Bottom Line: However, above this pressure growth decreased and at 12 MPa or more no more growth was observed.Nevertheless, S. yanoikuyae continued to convert naphthalene at pressure >12 MPa, although at a lower rate than at 0.1 MPa.These results show that high pressure has a strong influence on the biodegradation of crude oil components and that, contrary to previous assumptions, the role of pressure cannot be discounted when estimating the biodegradation and ultimate fate of deep-sea oil releases such as the Deepwater Horizon event.

View Article: PubMed Central - HTML - PubMed

Affiliation: Institute of Technical Biocatalysis, Hamburg University of Technology, Hamburg 21073, Germany.

ABSTRACT
The blowout of the Deepwater Horizon in the Gulf of Mexico in 2010 occurred at a depth of 1500 m, corresponding to a hydrostatic pressure of 15 MPa. Up to now, knowledge about the impact of high pressure on oil-degrading bacteria has been scarce. To investigate how the biodegradation of crude oil and its components is influenced by high pressures, like those in deep-sea environments, hydrocarbon degradation and growth of two model strains were studied in high-pressure reactors. The alkane-degrading strain Rhodococcus qingshengii TUHH-12 grew well on n-hexadecane at 15 MPa at a rate of 0.16 h(-1), although slightly slower than at ambient pressure (0.36 h(-1)). In contrast, the growth of the aromatic hydrocarbon degrading strain Sphingobium yanoikuyae B1 was highly affected by elevated pressures. Pressures of up to 8.8 MPa had little effect on growth of this strain. However, above this pressure growth decreased and at 12 MPa or more no more growth was observed. Nevertheless, S. yanoikuyae continued to convert naphthalene at pressure >12 MPa, although at a lower rate than at 0.1 MPa. This suggests that certain metabolic functions of this bacterium were inhibited by pressure to a greater extent than the enzymes responsible for naphthalene degradation. These results show that high pressure has a strong influence on the biodegradation of crude oil components and that, contrary to previous assumptions, the role of pressure cannot be discounted when estimating the biodegradation and ultimate fate of deep-sea oil releases such as the Deepwater Horizon event.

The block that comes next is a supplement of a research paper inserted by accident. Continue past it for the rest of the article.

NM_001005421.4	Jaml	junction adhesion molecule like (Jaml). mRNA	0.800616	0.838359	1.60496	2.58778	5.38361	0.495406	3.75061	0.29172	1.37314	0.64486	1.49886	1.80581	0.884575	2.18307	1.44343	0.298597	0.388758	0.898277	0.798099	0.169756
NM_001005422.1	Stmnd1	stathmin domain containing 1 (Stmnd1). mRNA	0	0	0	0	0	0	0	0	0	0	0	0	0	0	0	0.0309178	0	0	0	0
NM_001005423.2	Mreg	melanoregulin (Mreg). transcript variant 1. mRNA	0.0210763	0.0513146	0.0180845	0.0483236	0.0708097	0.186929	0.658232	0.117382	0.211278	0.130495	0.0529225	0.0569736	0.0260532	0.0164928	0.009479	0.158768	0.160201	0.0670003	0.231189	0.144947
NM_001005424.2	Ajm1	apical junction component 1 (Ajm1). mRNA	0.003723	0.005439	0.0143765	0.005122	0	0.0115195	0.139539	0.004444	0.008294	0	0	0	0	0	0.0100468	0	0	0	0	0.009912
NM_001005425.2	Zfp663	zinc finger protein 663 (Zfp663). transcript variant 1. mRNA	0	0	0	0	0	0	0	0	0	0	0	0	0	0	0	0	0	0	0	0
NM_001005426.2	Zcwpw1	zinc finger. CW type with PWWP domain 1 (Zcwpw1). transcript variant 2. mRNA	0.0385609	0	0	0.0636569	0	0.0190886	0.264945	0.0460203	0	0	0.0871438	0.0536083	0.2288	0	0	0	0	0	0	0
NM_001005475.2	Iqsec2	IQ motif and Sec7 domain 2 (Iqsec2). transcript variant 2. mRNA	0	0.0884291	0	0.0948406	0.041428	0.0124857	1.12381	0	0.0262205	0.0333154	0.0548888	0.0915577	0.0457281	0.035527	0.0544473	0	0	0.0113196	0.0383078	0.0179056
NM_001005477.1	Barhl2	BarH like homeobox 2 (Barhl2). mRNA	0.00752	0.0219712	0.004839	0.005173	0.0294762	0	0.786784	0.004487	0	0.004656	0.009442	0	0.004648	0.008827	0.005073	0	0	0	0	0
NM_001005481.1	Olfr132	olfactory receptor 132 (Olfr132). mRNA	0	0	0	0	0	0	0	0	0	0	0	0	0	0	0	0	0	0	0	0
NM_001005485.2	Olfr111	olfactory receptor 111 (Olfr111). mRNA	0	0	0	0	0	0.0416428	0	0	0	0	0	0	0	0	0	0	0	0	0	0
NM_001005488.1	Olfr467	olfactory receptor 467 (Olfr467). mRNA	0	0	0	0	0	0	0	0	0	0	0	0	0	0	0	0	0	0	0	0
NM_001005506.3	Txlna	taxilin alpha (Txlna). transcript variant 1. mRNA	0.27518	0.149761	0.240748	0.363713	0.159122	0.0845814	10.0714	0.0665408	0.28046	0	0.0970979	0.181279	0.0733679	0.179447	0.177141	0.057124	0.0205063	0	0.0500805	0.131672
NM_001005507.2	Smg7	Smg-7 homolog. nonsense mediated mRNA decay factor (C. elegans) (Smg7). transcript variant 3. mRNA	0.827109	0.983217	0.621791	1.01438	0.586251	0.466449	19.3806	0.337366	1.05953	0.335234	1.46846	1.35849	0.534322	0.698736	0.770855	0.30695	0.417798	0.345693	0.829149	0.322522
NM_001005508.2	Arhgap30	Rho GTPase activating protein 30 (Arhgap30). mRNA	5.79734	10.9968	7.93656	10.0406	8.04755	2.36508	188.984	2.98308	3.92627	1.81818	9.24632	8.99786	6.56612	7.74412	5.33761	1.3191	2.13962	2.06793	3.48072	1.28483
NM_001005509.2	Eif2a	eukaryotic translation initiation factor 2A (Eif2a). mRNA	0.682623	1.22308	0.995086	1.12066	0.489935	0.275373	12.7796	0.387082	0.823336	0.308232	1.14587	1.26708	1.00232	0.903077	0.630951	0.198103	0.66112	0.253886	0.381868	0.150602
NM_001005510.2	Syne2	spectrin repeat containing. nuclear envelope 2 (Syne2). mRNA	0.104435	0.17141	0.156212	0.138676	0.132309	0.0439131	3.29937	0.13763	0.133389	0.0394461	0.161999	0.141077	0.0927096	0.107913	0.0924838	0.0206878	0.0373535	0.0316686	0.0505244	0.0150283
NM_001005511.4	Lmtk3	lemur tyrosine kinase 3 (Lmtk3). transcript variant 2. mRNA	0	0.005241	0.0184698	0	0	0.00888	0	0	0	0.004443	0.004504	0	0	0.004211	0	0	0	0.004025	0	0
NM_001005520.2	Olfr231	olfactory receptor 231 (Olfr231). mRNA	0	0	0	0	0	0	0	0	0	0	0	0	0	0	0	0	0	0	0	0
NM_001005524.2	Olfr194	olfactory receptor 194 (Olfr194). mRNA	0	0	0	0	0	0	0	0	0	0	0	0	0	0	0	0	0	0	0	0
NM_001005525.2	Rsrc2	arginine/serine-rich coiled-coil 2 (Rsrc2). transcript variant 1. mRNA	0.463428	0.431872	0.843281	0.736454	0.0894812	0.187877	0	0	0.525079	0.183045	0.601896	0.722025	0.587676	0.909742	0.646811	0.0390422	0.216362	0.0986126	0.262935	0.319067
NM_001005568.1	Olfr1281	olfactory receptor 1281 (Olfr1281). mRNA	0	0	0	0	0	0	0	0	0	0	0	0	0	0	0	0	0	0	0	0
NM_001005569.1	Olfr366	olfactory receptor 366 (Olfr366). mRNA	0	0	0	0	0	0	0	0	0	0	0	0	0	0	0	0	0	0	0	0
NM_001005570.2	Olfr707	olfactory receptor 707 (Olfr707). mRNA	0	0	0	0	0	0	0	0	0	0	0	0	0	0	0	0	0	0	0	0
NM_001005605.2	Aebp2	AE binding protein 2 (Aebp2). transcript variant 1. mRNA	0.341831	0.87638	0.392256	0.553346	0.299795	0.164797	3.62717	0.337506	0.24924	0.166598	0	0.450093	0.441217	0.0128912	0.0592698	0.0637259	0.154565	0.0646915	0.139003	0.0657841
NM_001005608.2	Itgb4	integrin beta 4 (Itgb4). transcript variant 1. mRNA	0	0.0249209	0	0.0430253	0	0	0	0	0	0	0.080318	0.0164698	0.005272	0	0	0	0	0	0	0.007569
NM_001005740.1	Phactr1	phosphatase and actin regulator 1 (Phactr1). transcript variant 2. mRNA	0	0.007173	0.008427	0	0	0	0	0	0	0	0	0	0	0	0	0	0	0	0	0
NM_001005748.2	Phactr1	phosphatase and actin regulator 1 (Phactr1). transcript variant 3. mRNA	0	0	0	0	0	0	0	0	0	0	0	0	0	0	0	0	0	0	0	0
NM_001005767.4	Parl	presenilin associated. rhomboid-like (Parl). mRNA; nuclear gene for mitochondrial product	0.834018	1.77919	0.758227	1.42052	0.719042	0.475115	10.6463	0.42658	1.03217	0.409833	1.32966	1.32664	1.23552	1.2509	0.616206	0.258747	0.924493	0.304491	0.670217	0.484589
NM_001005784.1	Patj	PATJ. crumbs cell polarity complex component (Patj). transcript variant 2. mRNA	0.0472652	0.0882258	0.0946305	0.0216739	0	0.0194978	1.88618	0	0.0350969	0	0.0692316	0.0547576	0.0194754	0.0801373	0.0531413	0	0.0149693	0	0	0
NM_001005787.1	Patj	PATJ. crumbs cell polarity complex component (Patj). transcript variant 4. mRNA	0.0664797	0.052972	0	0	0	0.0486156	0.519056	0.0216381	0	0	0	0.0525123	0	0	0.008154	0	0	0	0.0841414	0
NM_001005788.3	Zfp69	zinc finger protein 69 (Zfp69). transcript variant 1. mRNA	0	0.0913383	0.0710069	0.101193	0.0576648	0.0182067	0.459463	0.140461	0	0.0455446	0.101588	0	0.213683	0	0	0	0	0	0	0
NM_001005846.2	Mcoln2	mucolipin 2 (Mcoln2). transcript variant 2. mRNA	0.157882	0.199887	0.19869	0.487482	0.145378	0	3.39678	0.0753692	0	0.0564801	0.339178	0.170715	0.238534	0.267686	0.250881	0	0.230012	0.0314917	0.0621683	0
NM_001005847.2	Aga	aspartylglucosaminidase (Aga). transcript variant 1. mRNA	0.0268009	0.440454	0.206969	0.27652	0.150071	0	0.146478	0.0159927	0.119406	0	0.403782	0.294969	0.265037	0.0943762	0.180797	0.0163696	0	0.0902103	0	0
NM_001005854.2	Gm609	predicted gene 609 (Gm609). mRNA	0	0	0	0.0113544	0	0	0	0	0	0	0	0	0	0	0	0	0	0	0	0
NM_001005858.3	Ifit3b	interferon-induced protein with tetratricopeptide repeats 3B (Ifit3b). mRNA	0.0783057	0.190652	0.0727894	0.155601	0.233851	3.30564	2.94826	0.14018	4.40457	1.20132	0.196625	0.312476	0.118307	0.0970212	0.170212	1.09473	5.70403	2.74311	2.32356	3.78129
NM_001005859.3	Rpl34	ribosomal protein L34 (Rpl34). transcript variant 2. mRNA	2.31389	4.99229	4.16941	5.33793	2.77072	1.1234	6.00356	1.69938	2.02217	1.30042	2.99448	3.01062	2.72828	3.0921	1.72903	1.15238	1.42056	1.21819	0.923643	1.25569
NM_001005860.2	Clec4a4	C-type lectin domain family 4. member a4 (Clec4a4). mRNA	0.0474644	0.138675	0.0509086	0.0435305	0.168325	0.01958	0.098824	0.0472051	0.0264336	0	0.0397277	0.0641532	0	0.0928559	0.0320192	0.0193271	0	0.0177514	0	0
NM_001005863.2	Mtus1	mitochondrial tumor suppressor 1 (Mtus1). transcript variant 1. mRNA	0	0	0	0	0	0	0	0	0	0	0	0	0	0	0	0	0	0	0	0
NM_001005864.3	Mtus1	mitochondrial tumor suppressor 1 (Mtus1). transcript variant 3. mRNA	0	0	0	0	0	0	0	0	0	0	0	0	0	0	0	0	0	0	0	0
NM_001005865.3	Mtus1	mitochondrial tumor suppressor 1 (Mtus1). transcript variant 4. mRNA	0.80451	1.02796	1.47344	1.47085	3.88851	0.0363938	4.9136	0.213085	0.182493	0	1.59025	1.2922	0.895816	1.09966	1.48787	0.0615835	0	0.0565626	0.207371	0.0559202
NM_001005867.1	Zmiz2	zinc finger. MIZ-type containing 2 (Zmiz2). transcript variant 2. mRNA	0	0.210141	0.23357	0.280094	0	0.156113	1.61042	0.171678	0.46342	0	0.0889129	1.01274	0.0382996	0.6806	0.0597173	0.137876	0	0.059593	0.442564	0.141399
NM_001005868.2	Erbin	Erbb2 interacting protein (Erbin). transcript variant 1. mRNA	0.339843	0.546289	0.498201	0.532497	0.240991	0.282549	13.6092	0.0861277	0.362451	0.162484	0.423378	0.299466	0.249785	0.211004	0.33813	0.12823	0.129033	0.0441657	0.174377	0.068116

No MeSH data available.


Related in: MedlinePlus